Friday 4 November 2016

Hangover-free alcohol

I’ve been meaning to write about Professor David Nutt’s attempts to create a hangover-free form of alcohol for some time, but haven’t got round to it until now! Professor Nutt, you may recall, was an advisor on illegal drugs to the then Labour home secretary Alan Johnson. He suggested that ecstasy was no more dangerous than horse riding. Now, in terms of death and injury, on a purely statistical basis, he may have been right, but the comparison shows a not-real-world naivety in terms of how he must have imagined this would go down with his boss, who promptly sacked him.

But the good professor is nothing if not consistent. His new product, fetchingly called alcosynth, will, he says, replace regular alcohol by 2050. He has stated that: “The drinks industry knows that by 2050 alcohol will be gone. They know that and have been planning for this for at least ten years. But they don’t want to rush into it, because they’re making so much money from conventional alcohol.” Well, I have been accused of being quite close to the drinks industry, but the last time I spoke to “Big Alcohol” it never mentioned this to me! Sounds like a bit of wishful thinking from an entrepreneurial academic pushing what is, essentially, a kind of “legal high” with a novel marketing plan. It is unclear to me if alcosynth would be unlawful under the New Psychoactive Substances Act 2016, but I suspect it would.

According to Nutt, he has invented a form of synthetic alcohol that will allow people to enjoy the sociable effects of a few pints, “but skip the hangover that usually follows”. Quoted in the Independent he said: “So we know where the good effects of alcohol are mediated in the brain, and can mimic them. And by not touching the bad areas, we don’t have the bad effects.” You can have the pleasure without the pain! What an affront to puritanical thinking, no wonder Alan Johnson sacked him!

Advocates of alcosynth believe it could revolutionise public health by relieving the burden of alcohol-related harms on the health service. Now, I’m all in favour of finding private sector solutions to public health problems, such as e-cigarettes, which provide a safer nicotine delivery system to the conventional one that involves setting fire to a tube of tobacco and inhaling the smoke, but I really don’t think the comparison holds up. In addition to alcosynth, we have also recently seen the development of a powdered form of alcohol called Palcohol – flavoured, powdered alcohol added to water; and also vaporised alcohol that you can inhale. The government has now altered the legal definition of alcohol to include the powdered variety.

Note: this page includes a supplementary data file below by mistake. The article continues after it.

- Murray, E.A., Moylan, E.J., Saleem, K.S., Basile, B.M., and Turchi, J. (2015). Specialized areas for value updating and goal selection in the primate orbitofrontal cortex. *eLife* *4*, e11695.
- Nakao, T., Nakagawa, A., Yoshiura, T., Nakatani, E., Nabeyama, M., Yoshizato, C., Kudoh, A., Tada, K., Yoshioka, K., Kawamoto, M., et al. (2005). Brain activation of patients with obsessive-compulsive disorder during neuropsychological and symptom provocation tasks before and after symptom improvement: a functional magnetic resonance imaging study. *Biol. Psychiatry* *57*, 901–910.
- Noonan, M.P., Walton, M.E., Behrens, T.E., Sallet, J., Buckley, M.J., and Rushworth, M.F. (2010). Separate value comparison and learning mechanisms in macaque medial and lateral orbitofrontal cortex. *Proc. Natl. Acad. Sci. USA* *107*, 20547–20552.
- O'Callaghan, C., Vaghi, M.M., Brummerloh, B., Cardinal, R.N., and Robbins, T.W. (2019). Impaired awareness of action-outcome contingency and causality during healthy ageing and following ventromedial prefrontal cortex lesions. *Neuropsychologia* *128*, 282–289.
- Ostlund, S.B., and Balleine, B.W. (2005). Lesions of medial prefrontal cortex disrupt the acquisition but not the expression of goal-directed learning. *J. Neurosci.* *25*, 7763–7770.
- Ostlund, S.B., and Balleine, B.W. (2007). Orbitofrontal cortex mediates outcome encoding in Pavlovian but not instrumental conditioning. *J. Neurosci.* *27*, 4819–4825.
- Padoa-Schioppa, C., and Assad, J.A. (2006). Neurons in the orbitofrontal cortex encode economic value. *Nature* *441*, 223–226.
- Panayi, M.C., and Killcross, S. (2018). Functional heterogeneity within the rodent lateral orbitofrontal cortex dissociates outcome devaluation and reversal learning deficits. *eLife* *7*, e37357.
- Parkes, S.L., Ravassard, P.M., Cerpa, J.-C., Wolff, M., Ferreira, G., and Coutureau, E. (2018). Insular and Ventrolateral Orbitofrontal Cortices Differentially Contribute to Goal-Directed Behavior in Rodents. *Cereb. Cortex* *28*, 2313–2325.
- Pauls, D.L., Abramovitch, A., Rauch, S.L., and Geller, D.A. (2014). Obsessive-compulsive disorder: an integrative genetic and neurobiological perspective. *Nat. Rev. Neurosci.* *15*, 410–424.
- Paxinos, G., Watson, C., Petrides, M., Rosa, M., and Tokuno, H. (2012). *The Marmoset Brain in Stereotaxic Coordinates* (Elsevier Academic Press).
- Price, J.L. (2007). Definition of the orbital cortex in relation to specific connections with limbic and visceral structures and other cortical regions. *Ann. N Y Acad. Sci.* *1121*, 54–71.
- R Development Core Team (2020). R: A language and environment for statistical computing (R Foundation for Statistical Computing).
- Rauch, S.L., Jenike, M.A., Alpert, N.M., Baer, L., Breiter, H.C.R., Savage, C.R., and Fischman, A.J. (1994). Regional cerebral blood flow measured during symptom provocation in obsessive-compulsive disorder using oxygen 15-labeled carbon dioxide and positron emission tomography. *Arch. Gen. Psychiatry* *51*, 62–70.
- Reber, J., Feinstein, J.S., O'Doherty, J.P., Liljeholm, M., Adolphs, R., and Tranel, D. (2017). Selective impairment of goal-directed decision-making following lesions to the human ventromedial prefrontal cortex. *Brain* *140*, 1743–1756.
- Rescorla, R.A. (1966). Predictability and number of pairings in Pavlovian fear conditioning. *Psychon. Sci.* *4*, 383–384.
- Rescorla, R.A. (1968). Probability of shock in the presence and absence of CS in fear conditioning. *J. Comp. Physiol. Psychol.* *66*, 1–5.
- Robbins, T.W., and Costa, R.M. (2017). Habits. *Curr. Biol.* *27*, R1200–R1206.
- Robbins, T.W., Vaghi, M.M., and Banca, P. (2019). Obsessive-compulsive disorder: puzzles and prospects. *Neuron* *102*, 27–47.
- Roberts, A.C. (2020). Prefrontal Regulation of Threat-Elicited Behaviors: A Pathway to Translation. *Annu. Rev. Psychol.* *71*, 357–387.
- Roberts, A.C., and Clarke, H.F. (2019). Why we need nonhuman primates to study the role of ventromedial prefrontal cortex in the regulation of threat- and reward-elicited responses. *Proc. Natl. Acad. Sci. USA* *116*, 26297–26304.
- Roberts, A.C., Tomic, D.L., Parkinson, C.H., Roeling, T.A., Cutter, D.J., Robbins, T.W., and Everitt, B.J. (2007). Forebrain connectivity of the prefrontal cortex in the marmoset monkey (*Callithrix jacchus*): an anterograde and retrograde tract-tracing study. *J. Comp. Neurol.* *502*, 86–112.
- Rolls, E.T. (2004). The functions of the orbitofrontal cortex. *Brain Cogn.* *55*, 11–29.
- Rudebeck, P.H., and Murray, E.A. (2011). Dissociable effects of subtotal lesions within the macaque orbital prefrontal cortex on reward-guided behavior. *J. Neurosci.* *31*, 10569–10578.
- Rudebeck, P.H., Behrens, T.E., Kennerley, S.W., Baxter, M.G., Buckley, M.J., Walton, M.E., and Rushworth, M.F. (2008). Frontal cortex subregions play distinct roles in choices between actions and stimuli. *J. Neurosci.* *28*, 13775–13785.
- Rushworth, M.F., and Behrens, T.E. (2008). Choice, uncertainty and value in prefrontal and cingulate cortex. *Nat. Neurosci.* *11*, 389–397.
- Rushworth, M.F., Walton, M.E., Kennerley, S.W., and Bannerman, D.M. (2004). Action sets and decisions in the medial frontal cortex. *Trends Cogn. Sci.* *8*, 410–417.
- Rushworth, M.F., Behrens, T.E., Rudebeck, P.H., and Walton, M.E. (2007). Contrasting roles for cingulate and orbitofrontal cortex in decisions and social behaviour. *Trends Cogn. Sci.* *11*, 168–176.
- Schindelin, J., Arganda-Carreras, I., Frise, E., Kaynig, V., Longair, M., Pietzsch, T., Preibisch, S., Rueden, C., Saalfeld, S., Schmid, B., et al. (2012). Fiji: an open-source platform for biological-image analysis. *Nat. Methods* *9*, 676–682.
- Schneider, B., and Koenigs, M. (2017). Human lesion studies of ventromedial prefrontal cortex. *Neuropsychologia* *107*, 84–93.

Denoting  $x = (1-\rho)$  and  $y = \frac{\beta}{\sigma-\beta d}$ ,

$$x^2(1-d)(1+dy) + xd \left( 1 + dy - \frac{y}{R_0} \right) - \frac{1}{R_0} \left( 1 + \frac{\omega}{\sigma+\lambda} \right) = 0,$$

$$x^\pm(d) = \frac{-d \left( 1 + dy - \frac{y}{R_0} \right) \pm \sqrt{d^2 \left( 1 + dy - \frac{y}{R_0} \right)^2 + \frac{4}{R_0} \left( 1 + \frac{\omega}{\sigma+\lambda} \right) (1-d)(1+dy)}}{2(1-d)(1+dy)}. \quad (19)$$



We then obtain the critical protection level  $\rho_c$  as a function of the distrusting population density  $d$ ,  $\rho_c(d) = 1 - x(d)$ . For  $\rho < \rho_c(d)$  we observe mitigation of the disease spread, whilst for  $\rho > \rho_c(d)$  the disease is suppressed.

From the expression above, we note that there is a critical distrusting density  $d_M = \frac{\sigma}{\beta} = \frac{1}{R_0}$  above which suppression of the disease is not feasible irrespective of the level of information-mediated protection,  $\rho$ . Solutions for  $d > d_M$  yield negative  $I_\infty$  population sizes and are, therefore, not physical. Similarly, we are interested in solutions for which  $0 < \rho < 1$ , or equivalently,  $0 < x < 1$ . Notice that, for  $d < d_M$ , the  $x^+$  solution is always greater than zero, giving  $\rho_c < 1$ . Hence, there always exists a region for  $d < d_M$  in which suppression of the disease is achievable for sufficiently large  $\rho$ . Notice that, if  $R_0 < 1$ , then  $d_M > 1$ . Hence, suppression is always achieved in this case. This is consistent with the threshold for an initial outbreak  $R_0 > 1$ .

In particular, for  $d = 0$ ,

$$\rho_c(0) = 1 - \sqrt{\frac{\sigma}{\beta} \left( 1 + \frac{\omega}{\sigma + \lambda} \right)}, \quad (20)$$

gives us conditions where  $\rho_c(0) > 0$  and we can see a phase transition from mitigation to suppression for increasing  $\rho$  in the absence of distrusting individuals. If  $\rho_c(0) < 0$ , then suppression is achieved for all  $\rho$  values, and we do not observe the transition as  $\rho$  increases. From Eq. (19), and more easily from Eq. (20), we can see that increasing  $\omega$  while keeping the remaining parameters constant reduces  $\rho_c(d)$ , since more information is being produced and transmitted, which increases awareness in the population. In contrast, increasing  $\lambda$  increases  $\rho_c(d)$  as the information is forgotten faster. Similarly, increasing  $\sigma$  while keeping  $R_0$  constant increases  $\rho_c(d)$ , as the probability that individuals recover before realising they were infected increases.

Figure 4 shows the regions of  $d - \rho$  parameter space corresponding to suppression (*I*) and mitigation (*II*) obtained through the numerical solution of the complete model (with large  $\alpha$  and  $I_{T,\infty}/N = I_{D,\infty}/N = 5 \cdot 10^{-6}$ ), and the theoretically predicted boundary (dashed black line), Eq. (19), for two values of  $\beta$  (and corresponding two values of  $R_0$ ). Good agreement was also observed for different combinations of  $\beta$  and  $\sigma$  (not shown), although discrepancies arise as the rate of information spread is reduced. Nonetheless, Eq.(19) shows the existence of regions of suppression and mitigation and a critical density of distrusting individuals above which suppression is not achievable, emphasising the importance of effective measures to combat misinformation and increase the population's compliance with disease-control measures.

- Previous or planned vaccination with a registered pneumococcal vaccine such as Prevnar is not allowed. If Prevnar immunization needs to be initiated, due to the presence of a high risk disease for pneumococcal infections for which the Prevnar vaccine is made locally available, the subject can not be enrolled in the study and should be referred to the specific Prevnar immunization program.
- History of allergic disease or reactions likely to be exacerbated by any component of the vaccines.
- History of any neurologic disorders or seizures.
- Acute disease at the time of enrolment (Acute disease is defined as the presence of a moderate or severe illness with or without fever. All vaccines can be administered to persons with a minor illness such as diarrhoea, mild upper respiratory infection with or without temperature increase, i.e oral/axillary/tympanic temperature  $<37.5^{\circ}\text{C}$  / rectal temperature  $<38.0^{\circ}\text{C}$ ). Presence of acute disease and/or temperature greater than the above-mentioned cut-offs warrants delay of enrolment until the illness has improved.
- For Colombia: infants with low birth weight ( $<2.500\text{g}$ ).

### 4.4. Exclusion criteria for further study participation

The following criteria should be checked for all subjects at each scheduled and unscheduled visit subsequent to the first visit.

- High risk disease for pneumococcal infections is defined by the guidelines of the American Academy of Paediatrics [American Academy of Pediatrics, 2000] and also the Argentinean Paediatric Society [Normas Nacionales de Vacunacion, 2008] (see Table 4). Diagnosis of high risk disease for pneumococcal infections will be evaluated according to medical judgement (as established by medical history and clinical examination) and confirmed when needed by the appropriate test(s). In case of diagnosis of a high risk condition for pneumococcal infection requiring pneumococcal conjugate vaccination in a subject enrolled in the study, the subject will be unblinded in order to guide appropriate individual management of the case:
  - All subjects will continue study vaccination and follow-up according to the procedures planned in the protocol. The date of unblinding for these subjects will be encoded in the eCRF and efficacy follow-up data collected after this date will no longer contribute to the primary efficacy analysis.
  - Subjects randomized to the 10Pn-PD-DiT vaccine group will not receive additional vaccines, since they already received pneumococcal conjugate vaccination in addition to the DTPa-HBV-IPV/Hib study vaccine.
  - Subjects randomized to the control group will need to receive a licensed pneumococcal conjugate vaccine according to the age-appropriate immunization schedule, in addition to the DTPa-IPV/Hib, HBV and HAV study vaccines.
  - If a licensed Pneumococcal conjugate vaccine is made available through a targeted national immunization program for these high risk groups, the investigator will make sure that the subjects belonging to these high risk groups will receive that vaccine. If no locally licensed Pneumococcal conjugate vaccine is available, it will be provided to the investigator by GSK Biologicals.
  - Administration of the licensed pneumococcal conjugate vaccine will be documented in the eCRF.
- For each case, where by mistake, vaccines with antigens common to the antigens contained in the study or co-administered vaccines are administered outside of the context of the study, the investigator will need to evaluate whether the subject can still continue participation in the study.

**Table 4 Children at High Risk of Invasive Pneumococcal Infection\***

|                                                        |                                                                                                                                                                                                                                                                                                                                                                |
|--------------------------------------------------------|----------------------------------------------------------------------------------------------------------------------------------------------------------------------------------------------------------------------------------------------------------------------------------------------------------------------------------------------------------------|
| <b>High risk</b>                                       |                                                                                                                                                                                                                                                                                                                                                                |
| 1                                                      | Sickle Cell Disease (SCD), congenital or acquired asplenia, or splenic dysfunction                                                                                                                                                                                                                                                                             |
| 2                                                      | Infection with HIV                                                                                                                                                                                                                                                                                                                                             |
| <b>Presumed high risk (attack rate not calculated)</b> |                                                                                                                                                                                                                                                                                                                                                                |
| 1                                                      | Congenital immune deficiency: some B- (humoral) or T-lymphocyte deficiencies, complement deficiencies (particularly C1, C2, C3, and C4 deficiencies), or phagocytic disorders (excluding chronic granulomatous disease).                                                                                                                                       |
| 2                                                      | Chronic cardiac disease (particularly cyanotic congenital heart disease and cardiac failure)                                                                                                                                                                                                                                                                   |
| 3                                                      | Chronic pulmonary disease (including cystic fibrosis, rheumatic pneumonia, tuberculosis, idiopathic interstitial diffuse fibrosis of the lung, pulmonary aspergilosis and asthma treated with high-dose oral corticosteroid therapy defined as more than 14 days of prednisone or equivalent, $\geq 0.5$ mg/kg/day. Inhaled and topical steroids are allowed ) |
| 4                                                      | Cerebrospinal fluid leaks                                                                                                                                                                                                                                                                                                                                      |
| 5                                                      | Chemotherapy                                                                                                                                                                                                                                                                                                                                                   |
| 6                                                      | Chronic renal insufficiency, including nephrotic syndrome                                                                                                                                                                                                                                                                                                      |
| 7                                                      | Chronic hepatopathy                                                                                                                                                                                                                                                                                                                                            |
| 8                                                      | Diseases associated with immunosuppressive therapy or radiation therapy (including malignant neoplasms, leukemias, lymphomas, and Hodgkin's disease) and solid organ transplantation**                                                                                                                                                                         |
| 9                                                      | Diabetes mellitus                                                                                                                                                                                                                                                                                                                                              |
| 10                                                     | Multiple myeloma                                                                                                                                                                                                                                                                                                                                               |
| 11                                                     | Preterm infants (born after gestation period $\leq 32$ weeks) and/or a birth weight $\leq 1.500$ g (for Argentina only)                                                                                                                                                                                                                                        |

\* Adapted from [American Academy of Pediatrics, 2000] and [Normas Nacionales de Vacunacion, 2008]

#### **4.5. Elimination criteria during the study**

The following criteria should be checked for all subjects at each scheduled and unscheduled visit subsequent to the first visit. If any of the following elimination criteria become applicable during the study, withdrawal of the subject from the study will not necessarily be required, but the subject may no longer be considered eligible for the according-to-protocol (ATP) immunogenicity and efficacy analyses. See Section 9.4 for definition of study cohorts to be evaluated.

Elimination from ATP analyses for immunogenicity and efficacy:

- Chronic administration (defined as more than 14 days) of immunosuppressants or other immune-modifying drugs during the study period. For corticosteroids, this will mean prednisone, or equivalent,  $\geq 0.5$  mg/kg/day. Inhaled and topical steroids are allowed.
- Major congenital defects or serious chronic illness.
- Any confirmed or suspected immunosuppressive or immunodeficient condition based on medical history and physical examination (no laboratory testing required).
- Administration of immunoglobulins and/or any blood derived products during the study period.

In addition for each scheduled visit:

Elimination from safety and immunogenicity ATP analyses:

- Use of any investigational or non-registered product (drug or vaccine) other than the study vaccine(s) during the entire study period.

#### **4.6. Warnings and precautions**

Now, powdered alcohol and alcohol vapour producers don’t claim their products can deliver problem-free intoxication, but the development of all these products plays into the hands of the alcophobes of “public health” because one of the techniques they use to de-normalise alcohol use is to take the drinking of it completely out of its social and cultural context and say it is “just another drug”. Once we separate ethyl alcohol from beverage alcohol – from the tradition of craft and flavour, and the use of natural ingredients and local provenance – then those of us who defend the drinking of beverage alcohol as a lawful and socially acceptable activity are placed in an untenable position. 

There is, of course, a much simpler way of avoiding a hangover, and that is to drink in moderation. Also, it is unclear whether Professor Nutt’s alcosynth will deliver the health benefits of moderate alcohol consumption – you know, those benefits that “public health” are in denial about – such as reduced risk of all-cause mortality and reduced incidence of ischaemic heart disease and stroke. 

Nice try professor, but I don’t think I’ll be abandoning my pint of IPA just yet!

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